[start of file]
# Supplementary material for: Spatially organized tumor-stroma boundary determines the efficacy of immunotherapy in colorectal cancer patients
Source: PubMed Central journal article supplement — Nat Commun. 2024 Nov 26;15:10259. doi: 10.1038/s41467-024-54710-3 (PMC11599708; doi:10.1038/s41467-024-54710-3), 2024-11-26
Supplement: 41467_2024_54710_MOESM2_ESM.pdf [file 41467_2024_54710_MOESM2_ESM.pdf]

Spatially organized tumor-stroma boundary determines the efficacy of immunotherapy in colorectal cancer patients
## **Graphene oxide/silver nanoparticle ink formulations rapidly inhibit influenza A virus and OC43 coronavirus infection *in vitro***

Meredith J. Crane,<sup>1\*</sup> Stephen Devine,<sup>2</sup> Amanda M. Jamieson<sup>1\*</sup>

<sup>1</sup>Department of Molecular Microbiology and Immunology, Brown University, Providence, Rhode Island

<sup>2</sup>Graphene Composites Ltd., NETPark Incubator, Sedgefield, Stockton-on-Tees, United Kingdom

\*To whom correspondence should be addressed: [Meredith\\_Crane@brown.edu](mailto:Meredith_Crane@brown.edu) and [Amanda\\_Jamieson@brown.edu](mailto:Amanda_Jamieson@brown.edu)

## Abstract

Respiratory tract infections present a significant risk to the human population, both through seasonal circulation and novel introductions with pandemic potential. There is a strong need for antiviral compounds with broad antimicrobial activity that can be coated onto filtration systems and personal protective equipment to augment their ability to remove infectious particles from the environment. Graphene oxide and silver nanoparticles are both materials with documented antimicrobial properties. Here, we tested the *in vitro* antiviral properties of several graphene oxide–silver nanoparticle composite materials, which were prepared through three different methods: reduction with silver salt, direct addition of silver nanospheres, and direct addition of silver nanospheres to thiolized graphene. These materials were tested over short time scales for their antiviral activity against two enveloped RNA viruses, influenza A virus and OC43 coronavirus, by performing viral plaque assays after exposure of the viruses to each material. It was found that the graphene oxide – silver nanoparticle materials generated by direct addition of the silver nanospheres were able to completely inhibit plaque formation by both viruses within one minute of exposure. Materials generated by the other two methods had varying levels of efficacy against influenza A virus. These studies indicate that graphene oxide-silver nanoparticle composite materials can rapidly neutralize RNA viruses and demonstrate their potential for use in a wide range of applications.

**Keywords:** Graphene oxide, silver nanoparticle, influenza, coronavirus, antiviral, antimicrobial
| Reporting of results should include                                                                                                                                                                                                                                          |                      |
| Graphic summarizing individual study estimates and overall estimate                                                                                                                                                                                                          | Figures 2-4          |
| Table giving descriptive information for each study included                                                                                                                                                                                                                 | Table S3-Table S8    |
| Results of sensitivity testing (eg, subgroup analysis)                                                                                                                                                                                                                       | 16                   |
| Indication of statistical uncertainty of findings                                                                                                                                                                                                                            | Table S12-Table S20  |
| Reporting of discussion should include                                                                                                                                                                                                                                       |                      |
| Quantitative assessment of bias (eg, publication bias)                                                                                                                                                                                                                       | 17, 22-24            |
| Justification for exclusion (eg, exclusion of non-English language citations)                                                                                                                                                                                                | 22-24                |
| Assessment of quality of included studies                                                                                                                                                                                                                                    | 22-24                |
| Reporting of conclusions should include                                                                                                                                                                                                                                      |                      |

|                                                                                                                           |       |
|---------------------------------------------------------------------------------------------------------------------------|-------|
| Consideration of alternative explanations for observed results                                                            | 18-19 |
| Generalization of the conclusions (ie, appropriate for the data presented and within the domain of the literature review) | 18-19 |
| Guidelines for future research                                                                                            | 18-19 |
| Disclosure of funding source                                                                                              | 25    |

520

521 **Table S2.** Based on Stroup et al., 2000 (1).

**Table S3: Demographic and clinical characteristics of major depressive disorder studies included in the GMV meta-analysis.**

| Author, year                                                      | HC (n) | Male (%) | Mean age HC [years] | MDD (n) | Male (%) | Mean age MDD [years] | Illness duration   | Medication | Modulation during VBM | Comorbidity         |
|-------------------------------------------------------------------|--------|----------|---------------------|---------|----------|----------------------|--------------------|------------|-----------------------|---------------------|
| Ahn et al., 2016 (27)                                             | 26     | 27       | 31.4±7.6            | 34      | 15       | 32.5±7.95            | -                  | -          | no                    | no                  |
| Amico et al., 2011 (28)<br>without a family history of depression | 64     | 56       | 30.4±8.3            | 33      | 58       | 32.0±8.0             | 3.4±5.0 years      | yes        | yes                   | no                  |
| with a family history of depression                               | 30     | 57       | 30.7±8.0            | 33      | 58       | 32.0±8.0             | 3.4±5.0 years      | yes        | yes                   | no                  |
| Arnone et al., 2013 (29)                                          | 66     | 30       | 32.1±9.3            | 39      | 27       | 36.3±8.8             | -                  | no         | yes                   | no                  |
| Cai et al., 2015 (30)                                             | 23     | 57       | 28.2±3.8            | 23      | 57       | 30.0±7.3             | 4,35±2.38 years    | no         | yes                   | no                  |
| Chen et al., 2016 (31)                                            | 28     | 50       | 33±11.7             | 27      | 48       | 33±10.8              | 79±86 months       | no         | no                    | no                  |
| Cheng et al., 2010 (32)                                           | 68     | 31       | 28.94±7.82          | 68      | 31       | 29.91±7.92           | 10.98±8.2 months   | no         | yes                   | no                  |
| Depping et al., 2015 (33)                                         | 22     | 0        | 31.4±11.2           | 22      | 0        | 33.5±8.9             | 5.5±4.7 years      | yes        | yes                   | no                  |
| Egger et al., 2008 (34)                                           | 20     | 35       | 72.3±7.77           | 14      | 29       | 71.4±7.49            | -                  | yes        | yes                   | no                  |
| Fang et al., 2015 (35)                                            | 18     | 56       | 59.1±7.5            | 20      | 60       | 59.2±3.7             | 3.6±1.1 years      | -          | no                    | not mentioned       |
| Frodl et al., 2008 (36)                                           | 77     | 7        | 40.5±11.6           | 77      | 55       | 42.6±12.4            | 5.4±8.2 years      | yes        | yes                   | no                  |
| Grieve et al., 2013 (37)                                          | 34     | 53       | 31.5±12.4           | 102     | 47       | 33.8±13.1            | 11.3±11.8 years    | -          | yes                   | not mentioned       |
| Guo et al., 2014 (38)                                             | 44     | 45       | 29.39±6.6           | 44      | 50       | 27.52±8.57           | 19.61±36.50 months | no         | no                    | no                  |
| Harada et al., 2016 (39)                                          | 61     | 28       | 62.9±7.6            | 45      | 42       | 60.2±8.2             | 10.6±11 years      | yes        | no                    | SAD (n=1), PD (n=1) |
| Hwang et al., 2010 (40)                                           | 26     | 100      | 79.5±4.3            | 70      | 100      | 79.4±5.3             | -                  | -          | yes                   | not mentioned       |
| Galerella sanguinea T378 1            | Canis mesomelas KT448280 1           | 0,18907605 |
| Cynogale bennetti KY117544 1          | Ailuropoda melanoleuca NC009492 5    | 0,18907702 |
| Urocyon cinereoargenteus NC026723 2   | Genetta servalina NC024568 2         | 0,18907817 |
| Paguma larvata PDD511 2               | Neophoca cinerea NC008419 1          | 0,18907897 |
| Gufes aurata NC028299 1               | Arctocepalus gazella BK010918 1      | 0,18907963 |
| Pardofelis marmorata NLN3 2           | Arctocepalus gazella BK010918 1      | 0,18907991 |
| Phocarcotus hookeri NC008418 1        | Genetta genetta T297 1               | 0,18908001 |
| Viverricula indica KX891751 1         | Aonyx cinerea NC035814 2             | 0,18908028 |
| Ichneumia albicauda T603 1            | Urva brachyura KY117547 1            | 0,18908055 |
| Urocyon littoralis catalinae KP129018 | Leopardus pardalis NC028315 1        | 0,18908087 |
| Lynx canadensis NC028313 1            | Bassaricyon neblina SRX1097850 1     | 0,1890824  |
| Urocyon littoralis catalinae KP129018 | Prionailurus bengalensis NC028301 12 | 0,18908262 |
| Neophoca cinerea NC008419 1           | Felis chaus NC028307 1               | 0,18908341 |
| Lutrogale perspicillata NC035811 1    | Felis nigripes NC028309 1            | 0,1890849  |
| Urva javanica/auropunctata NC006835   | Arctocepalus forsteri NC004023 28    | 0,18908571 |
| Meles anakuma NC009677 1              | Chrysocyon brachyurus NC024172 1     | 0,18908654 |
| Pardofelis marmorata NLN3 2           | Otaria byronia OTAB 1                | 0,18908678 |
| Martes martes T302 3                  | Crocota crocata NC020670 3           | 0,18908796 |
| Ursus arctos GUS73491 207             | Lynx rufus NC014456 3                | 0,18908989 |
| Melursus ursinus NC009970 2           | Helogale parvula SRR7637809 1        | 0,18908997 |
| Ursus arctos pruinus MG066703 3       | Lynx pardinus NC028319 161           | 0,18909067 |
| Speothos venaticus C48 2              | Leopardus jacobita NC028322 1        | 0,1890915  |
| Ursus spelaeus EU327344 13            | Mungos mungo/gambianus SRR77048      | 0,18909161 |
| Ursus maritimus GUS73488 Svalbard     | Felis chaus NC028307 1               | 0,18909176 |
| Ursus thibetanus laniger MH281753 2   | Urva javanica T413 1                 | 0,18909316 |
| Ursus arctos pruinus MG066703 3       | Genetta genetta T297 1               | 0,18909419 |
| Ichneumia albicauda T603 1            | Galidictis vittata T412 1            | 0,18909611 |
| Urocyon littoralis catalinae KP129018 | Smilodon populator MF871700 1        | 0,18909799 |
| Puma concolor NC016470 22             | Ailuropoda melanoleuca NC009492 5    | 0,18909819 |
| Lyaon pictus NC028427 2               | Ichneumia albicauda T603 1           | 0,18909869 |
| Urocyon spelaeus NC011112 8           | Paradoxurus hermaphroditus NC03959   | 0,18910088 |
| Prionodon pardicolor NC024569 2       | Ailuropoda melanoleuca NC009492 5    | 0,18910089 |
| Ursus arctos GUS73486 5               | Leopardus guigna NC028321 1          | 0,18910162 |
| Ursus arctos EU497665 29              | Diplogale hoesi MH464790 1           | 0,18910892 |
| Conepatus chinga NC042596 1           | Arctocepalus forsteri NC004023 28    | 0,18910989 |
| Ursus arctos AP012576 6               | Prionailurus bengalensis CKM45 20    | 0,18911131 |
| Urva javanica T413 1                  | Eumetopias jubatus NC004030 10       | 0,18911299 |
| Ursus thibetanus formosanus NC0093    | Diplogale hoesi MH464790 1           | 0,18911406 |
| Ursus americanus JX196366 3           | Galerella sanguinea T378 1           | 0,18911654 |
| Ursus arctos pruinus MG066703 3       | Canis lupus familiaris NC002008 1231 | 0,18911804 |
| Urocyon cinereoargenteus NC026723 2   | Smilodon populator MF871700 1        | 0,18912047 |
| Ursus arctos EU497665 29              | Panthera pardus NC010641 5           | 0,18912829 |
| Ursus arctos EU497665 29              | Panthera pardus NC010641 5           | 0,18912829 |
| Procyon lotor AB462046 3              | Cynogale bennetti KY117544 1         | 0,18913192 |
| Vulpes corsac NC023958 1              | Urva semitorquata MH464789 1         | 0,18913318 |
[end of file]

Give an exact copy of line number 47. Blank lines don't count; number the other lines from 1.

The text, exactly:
| Harada et al., 2016 (39)                                          | 61     | 28       | 62.9±7.6            | 45      | 42       | 60.2±8.2             | 10.6±11 years      | yes        | no                    | SAD (n=1), PD (n=1) |